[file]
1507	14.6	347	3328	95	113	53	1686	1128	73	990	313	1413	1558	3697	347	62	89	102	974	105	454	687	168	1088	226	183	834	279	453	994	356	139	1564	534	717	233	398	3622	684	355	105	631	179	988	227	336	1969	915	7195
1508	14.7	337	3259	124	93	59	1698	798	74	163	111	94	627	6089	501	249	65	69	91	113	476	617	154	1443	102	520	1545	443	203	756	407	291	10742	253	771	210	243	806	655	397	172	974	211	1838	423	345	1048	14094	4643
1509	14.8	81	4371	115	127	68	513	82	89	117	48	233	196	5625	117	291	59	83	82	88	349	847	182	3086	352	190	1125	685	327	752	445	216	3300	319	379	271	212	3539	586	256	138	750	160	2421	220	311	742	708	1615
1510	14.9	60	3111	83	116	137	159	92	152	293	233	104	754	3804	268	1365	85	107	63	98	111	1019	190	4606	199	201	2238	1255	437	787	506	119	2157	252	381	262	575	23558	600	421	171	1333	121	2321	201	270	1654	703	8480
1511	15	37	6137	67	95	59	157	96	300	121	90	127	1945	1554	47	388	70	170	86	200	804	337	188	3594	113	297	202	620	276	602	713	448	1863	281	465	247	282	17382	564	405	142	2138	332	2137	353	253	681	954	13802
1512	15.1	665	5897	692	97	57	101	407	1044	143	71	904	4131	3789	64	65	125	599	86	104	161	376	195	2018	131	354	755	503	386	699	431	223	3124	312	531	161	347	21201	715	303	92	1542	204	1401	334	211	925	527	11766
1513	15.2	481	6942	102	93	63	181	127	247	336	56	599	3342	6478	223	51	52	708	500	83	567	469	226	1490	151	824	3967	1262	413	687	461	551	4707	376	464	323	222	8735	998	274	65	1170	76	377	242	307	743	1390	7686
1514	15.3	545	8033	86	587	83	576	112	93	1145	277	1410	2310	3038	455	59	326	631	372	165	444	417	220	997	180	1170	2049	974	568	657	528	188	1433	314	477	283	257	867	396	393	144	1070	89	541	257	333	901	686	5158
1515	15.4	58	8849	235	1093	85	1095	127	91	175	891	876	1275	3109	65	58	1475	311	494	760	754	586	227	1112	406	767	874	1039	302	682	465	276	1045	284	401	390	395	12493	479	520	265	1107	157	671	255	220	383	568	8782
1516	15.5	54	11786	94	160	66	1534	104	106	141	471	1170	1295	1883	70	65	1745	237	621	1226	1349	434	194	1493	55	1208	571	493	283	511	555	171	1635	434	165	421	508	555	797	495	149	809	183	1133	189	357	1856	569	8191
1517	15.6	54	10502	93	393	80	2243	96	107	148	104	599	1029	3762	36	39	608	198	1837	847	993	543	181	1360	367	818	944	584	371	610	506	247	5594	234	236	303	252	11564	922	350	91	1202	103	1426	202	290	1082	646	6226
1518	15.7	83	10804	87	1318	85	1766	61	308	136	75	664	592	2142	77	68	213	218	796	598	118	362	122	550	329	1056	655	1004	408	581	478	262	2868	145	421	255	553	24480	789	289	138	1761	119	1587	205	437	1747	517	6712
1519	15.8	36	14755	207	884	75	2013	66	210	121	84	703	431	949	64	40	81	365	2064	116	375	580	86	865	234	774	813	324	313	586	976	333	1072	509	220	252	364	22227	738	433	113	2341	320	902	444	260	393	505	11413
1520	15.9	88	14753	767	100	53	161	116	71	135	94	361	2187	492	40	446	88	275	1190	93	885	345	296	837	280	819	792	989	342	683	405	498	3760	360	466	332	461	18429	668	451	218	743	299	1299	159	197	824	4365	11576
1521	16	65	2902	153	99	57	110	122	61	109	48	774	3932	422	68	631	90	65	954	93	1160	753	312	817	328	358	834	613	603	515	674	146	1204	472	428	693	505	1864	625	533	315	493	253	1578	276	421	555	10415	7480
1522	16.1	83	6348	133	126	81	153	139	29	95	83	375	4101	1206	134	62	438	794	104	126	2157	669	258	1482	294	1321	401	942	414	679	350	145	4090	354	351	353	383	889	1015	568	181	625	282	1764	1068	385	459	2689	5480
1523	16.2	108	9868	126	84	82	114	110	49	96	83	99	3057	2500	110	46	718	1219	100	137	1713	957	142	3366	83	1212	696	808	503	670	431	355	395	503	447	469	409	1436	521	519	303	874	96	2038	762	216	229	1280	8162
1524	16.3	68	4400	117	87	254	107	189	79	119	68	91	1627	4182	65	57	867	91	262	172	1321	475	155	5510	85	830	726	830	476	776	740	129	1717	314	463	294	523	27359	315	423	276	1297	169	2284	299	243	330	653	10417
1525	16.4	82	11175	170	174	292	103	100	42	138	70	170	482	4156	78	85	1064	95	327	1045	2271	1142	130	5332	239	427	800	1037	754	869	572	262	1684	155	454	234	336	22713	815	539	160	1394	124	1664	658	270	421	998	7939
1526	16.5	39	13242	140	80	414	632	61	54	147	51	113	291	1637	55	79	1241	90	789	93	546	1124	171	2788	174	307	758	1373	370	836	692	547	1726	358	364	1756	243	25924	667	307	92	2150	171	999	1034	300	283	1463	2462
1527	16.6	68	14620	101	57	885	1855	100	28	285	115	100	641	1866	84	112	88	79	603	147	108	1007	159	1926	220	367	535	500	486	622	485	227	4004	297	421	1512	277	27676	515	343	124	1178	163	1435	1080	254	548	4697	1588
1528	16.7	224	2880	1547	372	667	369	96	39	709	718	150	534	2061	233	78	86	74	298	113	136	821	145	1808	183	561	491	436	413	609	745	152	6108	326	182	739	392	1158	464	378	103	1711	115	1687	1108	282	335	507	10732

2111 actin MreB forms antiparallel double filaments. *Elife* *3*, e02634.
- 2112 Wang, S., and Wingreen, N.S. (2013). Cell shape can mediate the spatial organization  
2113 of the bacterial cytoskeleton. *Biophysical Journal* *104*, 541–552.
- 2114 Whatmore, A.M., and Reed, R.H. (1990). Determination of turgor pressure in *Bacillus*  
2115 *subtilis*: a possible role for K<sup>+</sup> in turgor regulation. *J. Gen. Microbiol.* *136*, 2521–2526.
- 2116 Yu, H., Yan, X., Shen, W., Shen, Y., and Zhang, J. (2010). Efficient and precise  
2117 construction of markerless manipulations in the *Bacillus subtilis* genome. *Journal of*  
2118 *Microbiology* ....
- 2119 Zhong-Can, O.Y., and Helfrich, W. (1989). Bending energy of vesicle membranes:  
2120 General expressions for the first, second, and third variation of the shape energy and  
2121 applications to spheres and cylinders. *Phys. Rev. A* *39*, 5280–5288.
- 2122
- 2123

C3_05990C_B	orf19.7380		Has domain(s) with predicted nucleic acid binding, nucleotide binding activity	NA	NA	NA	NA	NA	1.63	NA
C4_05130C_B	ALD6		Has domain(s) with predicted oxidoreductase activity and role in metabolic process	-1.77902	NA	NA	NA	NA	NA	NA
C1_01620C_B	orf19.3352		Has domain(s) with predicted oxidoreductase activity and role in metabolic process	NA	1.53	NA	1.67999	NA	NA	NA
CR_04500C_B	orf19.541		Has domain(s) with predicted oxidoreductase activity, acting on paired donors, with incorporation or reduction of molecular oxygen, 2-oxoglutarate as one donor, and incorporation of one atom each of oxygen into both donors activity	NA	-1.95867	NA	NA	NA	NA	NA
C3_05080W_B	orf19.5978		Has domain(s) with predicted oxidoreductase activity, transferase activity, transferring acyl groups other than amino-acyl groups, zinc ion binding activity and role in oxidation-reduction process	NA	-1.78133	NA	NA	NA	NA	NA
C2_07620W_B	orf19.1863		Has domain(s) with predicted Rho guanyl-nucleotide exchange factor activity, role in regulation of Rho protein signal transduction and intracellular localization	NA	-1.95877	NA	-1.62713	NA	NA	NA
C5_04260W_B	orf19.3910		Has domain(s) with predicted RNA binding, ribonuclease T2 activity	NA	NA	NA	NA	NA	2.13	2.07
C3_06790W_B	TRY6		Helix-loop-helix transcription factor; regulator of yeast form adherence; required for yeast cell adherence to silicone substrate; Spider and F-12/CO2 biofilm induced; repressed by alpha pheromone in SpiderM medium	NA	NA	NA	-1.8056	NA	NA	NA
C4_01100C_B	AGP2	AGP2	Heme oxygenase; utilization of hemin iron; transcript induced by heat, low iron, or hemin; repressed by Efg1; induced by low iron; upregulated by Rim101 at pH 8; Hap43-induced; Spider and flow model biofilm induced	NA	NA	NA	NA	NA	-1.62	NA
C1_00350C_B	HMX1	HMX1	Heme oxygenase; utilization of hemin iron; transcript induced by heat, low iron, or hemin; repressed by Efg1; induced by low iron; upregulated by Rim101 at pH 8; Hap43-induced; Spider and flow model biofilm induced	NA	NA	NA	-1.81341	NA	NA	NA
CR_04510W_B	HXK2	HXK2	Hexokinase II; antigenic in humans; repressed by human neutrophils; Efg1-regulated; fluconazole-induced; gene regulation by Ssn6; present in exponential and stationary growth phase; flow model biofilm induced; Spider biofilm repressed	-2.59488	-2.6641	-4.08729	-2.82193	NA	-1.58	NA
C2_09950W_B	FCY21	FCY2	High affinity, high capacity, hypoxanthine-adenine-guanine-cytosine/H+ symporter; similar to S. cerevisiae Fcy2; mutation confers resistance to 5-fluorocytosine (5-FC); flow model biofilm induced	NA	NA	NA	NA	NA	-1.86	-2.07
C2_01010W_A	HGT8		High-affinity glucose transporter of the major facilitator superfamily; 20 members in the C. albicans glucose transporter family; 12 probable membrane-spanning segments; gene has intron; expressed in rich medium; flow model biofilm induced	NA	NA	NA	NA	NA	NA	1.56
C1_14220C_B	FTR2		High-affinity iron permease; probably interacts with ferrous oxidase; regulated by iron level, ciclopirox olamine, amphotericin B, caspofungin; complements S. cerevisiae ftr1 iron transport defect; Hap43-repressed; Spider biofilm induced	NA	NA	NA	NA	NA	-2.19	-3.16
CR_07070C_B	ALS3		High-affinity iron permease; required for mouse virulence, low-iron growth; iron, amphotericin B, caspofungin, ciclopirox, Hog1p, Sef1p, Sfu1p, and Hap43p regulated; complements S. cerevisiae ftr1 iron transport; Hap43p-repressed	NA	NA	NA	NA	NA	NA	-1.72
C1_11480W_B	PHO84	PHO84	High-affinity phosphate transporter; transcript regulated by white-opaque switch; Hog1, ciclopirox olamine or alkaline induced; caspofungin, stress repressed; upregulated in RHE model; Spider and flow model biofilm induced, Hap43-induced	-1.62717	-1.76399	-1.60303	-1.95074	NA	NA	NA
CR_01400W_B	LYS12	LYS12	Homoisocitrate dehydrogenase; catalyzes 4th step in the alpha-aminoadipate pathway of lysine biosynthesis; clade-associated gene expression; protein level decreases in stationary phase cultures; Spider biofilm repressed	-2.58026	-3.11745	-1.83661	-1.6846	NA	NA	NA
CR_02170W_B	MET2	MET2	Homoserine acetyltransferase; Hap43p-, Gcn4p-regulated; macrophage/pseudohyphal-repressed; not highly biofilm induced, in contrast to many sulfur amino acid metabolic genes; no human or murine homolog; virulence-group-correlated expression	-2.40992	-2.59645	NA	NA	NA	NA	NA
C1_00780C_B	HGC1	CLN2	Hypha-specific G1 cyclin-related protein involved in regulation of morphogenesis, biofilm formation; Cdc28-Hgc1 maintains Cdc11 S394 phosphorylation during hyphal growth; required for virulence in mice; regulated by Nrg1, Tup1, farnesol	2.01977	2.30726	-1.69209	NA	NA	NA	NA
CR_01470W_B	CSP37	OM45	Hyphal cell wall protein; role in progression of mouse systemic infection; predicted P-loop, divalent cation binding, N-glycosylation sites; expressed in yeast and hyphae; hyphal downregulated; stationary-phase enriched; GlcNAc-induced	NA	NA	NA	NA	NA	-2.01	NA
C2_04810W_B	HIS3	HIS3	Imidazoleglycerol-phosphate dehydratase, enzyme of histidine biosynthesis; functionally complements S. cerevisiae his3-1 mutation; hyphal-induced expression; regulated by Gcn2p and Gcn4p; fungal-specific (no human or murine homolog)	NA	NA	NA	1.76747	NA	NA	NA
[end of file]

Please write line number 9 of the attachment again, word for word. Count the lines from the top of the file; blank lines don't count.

1515	15.4	58	8849	235	1093	85	1095	127	91	175	891	876	1275	3109	65	58	1475	311	494	760	754	586	227	1112	406	767	874	1039	302	682	465	276	1045	284	401	390	395	12493	479	520	265	1107	157	671	255	220	383	568	8782